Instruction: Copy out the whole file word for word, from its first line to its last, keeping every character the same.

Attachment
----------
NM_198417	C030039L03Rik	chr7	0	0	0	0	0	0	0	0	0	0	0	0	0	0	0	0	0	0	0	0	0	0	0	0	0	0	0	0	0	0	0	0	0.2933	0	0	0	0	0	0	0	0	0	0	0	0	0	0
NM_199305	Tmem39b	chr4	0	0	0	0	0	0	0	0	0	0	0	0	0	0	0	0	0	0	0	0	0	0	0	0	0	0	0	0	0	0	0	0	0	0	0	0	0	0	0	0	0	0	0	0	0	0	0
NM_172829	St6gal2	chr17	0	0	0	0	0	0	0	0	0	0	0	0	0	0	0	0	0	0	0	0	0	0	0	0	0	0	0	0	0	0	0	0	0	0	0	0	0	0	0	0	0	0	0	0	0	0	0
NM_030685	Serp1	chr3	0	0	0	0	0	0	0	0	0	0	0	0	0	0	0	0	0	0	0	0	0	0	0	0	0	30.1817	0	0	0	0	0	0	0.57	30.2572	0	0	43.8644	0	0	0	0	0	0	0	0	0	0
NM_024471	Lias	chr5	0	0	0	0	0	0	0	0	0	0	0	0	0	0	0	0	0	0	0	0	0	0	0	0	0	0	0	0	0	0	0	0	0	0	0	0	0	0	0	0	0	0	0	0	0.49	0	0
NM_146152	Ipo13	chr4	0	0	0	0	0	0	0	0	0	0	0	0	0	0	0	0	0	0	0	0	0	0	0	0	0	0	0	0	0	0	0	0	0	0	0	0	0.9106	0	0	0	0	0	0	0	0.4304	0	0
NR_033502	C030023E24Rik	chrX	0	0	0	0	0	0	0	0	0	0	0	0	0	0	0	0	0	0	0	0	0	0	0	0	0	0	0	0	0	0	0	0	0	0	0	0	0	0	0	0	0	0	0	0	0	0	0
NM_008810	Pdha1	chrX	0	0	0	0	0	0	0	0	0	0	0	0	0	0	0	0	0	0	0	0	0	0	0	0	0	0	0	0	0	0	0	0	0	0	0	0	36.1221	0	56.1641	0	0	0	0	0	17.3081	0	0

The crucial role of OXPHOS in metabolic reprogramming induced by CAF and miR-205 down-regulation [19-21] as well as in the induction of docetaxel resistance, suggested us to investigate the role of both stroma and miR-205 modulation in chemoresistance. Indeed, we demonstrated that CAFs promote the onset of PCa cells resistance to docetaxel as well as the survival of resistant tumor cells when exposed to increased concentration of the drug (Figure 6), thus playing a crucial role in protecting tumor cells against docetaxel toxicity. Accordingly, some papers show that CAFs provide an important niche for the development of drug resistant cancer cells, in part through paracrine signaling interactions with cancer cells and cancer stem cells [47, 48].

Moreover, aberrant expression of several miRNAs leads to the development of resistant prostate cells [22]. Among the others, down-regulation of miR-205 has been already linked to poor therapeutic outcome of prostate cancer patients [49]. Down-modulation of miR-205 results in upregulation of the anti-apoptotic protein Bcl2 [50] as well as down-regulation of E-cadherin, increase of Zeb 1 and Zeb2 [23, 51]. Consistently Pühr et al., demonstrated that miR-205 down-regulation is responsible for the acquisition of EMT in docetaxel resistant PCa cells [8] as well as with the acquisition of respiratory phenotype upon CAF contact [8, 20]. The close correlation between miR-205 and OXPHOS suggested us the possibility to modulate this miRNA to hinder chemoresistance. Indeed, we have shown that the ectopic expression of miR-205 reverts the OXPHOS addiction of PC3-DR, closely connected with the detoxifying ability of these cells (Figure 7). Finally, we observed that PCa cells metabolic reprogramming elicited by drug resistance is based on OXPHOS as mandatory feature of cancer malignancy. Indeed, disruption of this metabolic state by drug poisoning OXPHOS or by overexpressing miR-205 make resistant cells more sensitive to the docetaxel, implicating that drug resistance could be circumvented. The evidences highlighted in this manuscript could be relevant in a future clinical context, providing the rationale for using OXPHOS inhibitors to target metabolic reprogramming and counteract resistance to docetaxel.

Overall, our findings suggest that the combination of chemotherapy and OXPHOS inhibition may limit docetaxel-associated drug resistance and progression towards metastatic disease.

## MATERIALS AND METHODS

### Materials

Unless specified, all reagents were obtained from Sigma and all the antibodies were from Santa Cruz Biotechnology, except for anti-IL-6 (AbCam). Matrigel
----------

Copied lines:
NM_198417	C030039L03Rik	chr7	0	0	0	0	0	0	0	0	0	0	0	0	0	0	0	0	0	0	0	0	0	0	0	0	0	0	0	0	0	0	0	0	0.2933	0	0	0	0	0	0	0	0	0	0	0	0	0	0
NM_199305	Tmem39b	chr4	0	0	0	0	0	0	0	0	0	0	0	0	0	0	0	0	0	0	0	0	0	0	0	0	0	0	0	0	0	0	0	0	0	0	0	0	0	0	0	0	0	0	0	0	0	0	0
NM_172829	St6gal2	chr17	0	0	0	0	0	0	0	0	0	0	0	0	0	0	0	0	0	0	0	0	0	0	0	0	0	0	0	0	0	0	0	0	0	0	0	0	0	0	0	0	0	0	0	0	0	0	0
NM_030685	Serp1	chr3	0	0	0	0	0	0	0	0	0	0	0	0	0	0	0	0	0	0	0	0	0	0	0	0	0	30.1817	0	0	0	0	0	0	0.57	30.2572	0	0	43.8644	0	0	0	0	0	0	0	0	0	0
NM_024471	Lias	chr5	0	0	0	0	0	0	0	0	0	0	0	0	0	0	0	0	0	0	0	0	0	0	0	0	0	0	0	0	0	0	0	0	0	0	0	0	0	0	0	0	0	0	0	0	0.49	0	0
NM_146152	Ipo13	chr4	0	0	0	0	0	0	0	0	0	0	0	0	0	0	0	0	0	0	0	0	0	0	0	0	0	0	0	0	0	0	0	0	0	0	0	0	0.9106	0	0	0	0	0	0	0	0.4304	0	0
NR_033502	C030023E24Rik	chrX	0	0	0	0	0	0	0	0	0	0	0	0	0	0	0	0	0	0	0	0	0	0	0	0	0	0	0	0	0	0	0	0	0	0	0	0	0	0	0	0	0	0	0	0	0	0	0
NM_008810	Pdha1	chrX	0	0	0	0	0	0	0	0	0	0	0	0	0	0	0	0	0	0	0	0	0	0	0	0	0	0	0	0	0	0	0	0	0	0	0	0	36.1221	0	56.1641	0	0	0	0	0	17.3081	0	0

The crucial role of OXPHOS in metabolic reprogramming induced by CAF and miR-205 down-regulation [19-21] as well as in the induction of docetaxel resistance, suggested us to investigate the role of both stroma and miR-205 modulation in chemoresistance. Indeed, we demonstrated that CAFs promote the onset of PCa cells resistance to docetaxel as well as the survival of resistant tumor cells when exposed to increased concentration of the drug (Figure 6), thus playing a crucial role in protecting tumor cells against docetaxel toxicity. Accordingly, some papers show that CAFs provide an important niche for the development of drug resistant cancer cells, in part through paracrine signaling interactions with cancer cells and cancer stem cells [47, 48].

Moreover, aberrant expression of several miRNAs leads to the development of resistant prostate cells [22]. Among the others, down-regulation of miR-205 has been already linked to poor therapeutic outcome of prostate cancer patients [49]. Down-modulation of miR-205 results in upregulation of the anti-apoptotic protein Bcl2 [50] as well as down-regulation of E-cadherin, increase of Zeb 1 and Zeb2 [23, 51]. Consistently Pühr et al., demonstrated that miR-205 down-regulation is responsible for the acquisition of EMT in docetaxel resistant PCa cells [8] as well as with the acquisition of respiratory phenotype upon CAF contact [8, 20]. The close correlation between miR-205 and OXPHOS suggested us the possibility to modulate this miRNA to hinder chemoresistance. Indeed, we have shown that the ectopic expression of miR-205 reverts the OXPHOS addiction of PC3-DR, closely connected with the detoxifying ability of these cells (Figure 7). Finally, we observed that PCa cells metabolic reprogramming elicited by drug resistance is based on OXPHOS as mandatory feature of cancer malignancy. Indeed, disruption of this metabolic state by drug poisoning OXPHOS or by overexpressing miR-205 make resistant cells more sensitive to the docetaxel, implicating that drug resistance could be circumvented. The evidences highlighted in this manuscript could be relevant in a future clinical context, providing the rationale for using OXPHOS inhibitors to target metabolic reprogramming and counteract resistance to docetaxel.

Overall, our findings suggest that the combination of chemotherapy and OXPHOS inhibition may limit docetaxel-associated drug resistance and progression towards metastatic disease.

## MATERIALS AND METHODS

### Materials

Unless specified, all reagents were obtained from Sigma and all the antibodies were from Santa Cruz Biotechnology, except for anti-IL-6 (AbCam). Matrigel